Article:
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Utah's flawed sex offender treatment program facing drastic reforms, officials say

Published May 17, 2017 8:52 pm

Urgent reforms • Corrections officials talk about major flaws found by the recent state audit of the program.
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Utah's sex offender treatment program is undergoing a massive overhaul after a recent performance audit slammed its poor management and flawed treatment approach, Utah Department of Corrections officials told lawmakers Wednesday.

"I'm the one who takes full responsibility for the unfavorable outcomes in this audit," Department of Corrections Executive Director Rollin Cook told the legislature's Law Enforcement and Criminal Justice Interim Committee.

Lawmakers indicated the flaws in the program are especially concerning considering one-third of inmates in state prisons —about 2,500 — are sex offenders. About 300 inmates are in active treatment, officials said. In most cases, the Utah Board of Pardons and Parole requires therapy be completed before release from prison.

The audit showed sex offenders often stay in prison beyond their parole eligibility date due to a backlog of inmates waiting for treatment. The backlog is not only bad for inmates, but leads to rising costs for the prison system in future years.

In addition, treatment programs were not adaptable for various types of inmates — such as the developmentally disabled — and many protocols that were being used in the department were considered out of date, the report said.

The audit, completed by the state's Office of the Legislative Auditor General, said an underlying reason for the program issues was poor management and little oversight — a conclusion Cook agreed with.

"There was so much that was not going on and not being completed [in the treatment program]…that we're just getting things where they need to be," he said.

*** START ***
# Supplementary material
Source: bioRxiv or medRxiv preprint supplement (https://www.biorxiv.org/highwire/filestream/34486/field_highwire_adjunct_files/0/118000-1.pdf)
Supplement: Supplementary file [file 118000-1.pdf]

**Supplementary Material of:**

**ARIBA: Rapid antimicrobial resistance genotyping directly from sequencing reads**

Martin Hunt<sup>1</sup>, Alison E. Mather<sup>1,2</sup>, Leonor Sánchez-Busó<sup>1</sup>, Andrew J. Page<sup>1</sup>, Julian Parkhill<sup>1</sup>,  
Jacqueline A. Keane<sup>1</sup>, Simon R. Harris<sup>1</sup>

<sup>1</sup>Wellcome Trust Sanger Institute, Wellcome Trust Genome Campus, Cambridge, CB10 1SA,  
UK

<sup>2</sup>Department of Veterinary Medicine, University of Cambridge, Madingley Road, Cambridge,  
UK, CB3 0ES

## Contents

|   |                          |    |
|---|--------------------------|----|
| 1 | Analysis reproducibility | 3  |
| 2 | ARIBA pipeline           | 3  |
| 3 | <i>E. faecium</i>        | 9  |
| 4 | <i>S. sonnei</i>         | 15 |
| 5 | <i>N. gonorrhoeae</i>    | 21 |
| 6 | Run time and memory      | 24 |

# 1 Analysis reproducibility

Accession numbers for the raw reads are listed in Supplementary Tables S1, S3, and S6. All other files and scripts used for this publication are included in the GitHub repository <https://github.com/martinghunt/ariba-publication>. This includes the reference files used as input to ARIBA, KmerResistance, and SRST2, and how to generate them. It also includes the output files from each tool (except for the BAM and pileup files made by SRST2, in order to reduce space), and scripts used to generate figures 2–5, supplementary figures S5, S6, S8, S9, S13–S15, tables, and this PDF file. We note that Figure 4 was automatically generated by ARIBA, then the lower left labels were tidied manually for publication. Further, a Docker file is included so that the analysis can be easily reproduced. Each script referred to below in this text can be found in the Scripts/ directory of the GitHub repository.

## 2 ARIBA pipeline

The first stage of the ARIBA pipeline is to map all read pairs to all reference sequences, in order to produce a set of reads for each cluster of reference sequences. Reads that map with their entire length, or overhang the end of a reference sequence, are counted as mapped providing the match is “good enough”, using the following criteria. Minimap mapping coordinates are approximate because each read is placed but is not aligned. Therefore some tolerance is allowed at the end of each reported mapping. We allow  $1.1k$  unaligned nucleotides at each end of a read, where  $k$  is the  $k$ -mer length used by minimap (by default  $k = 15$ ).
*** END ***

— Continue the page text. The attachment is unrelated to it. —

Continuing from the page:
About a year ago the department hired Victor Kersey, a former psychologist and clinical direct of the sex offender program in Illinois, to serve as Utah's Institutional Programming Division Director. He was charged with reforming the treatment program, and has taken steps in that direction, he told the committee.

Kersey said rank-and-file employees in the treatment program have been receptive to recent management changes and shifts in job duties, saying many were "starving for leadership."

Under Kersey's direction, he said the program is developing new treatment programs for developmentally-disabled inmates and Spanish speakers, which didn't exist before. It is expanding when treatment services are offered, from five to seven days a week. Officials also scrapped its outdated system to gauge inmates sexual arousal in various subjects — the penile plethysmograph — because it is notoriously unreliable and intrusive.

Kersey also said the department was setting up a framework to conduct regular internal audits of its treatment programs' effectiveness — something that has almost never occurred in the past.

"I'm really happy we're getting [these reforms] rolling," said Rep. Eric Hutchings, R-Kearns. He said many inmates and their families have brought up their concerns about the sex offender program to him.

The committee requested that Cook and Kersey return and provide an update on the program's improvements in November.

"We need the chance to get this program right," Cook said. "We need to get this system running, and moving in the right direction."


Twitter: @lramseth






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